I continue to struggle with this on a daily basis. Of course, it's "Why Henry?", not "why me?", and Henry obviously lost his own biggest contest. But those who loved him continue to carry his life and death with us every day. Every contest but one. I want to learn to embrace my grief, to accept it as part of me and move on. I need to stop trying to flee from it. It's part of my game, like playing basketball with a broken wrist. I'm still playing. And it's worth it to keep going.

Mr. Rakoff, you interview too well. It made your book somewhat superfluous. But as someone searching for as many kindred spirits as I can find, I thank you.

*IKR For those of you without pre-teens, it's "I Know, Right?".

Tuesday, September 28, 2010



This memory has been on my mind the last few weeks.

We took a long weekend at the beach. This was during his recovery from his more intense chemo, he was feeling pretty good, but didn't have a lot of stamina. One way he coped was to spend a lot of time on various wheeled vehicles. So we took his "mogocycle" many places with us, including the boardwalk.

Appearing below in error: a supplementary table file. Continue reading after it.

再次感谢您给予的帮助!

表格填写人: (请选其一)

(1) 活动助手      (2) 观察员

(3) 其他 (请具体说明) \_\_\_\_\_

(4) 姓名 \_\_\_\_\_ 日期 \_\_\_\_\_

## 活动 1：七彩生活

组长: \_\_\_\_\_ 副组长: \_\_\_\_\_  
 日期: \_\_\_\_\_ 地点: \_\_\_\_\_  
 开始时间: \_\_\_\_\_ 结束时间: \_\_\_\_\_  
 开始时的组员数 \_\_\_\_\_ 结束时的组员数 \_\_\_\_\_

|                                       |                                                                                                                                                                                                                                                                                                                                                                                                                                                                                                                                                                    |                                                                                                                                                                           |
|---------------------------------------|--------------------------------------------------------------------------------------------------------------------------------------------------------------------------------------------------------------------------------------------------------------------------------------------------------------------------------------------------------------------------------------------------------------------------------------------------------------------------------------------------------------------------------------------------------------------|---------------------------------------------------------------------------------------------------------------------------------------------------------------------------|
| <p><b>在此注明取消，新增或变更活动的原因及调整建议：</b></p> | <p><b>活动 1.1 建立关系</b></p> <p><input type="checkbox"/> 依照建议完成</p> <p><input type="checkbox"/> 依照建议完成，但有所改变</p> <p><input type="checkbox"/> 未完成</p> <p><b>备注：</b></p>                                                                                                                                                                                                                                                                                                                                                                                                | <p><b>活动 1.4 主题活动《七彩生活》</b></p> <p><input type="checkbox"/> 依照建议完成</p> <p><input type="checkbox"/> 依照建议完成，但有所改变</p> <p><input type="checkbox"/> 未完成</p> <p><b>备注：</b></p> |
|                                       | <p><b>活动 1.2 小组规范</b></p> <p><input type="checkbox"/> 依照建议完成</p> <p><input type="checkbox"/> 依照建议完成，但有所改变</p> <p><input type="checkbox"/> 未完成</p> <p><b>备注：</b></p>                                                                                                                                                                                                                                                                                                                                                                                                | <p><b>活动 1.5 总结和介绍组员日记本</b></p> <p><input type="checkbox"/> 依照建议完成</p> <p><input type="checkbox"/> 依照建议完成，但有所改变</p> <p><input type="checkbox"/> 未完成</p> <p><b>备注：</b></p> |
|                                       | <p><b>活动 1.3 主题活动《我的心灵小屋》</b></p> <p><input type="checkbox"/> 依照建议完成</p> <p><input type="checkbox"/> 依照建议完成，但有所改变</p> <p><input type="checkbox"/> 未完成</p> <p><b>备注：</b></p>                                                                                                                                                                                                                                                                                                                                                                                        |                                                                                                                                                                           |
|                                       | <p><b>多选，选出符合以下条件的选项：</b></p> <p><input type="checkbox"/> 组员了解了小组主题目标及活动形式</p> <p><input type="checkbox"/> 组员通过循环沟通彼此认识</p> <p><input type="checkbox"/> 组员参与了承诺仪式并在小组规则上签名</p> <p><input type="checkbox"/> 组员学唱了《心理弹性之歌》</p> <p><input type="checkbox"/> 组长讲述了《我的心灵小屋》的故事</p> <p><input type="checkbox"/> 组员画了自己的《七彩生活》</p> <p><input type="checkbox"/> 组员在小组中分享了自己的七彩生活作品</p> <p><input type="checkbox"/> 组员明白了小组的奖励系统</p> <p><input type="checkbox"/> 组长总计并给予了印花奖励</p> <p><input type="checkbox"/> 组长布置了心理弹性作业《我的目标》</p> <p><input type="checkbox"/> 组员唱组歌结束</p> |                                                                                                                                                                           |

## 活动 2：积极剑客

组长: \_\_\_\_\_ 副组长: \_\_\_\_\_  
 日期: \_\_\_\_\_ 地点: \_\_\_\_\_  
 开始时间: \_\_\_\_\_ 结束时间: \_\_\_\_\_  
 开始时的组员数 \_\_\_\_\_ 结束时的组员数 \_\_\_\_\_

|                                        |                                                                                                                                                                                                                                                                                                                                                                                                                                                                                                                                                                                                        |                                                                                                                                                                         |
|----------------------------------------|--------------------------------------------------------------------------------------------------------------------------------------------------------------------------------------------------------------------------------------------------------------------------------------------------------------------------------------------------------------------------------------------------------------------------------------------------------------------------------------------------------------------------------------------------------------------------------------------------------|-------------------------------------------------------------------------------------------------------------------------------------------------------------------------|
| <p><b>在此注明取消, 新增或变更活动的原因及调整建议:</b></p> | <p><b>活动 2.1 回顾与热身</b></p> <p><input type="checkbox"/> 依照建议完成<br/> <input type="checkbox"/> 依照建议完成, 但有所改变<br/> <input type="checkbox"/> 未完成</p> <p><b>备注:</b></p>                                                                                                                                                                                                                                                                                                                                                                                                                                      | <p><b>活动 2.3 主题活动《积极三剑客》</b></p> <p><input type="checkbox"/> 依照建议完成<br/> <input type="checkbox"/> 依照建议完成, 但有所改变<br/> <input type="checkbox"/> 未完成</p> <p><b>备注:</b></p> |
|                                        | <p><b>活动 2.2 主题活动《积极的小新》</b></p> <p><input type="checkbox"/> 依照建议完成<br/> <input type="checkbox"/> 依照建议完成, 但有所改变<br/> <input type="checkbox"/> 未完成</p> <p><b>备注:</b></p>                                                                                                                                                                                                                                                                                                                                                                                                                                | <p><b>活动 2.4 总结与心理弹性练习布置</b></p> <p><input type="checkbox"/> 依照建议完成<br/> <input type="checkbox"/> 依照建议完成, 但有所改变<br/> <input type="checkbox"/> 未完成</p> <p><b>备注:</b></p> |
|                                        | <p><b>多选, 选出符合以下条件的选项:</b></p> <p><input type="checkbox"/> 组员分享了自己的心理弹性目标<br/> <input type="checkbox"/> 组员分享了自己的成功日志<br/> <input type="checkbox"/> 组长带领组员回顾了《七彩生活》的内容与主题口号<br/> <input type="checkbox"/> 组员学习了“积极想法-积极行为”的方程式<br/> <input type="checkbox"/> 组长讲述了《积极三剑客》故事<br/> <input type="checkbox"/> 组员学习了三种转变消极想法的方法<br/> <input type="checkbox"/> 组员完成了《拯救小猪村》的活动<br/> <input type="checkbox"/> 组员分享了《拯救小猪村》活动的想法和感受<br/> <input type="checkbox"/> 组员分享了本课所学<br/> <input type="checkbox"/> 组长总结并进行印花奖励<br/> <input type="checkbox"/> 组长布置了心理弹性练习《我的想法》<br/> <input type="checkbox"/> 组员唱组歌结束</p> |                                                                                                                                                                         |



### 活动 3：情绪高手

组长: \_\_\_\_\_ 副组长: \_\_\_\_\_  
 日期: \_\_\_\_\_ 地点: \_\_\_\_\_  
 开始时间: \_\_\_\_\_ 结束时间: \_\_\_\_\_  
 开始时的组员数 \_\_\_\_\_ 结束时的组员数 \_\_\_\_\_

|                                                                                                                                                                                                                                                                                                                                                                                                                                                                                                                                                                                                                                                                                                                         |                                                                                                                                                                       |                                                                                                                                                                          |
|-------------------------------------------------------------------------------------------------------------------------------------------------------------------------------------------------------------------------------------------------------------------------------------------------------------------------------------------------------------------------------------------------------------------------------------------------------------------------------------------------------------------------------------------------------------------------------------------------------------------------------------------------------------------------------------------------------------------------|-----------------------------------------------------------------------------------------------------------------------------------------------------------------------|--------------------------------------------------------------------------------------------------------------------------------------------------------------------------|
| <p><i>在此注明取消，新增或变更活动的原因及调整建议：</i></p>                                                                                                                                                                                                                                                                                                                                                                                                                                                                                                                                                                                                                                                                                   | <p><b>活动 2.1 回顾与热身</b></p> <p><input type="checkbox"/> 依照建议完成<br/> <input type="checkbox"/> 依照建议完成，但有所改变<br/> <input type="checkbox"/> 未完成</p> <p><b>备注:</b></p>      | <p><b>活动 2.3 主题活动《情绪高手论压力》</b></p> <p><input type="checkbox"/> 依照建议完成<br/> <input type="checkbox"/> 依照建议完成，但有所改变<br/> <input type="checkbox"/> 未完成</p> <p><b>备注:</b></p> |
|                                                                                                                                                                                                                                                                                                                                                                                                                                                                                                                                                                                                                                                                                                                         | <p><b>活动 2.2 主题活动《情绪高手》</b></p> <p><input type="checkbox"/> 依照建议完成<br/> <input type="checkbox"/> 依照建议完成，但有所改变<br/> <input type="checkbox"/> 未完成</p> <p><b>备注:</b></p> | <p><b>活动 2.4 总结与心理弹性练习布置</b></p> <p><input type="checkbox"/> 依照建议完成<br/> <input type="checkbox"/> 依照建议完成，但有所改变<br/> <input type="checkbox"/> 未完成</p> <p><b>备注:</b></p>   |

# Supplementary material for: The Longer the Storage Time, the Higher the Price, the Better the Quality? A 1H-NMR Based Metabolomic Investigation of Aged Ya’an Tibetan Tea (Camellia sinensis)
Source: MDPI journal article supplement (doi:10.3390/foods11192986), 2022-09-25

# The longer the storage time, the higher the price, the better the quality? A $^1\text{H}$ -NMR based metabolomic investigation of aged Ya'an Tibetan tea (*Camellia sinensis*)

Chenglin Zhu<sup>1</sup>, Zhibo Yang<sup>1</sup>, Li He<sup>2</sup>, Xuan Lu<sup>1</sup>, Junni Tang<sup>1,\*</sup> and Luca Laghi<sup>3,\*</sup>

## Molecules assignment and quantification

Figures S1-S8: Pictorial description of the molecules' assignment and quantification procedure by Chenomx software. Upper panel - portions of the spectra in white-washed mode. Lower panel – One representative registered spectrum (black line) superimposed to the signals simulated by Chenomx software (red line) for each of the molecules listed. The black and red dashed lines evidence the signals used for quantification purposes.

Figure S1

He took great pleasure in chasing off the seagulls. He would clear them out, and then when they landed again, he chased them off again.

At one point, he slowed to a crawl. My daughter asked what he was doing. He looked at her, incredulous. Secretive. As if she didn't know.

Whispered, "The policeman is here...I don't want to get a ticket."

Sure enough, a uniformed officer had just arrived.

**I have a measurable amount of angst publishing this. It's painful to go through old photos and videos, I inevitably get hit with one I wasn't expecting that I wasn't ready for. And I have a weird hangup about enumerating my memories of him. So I am considering this a trial run.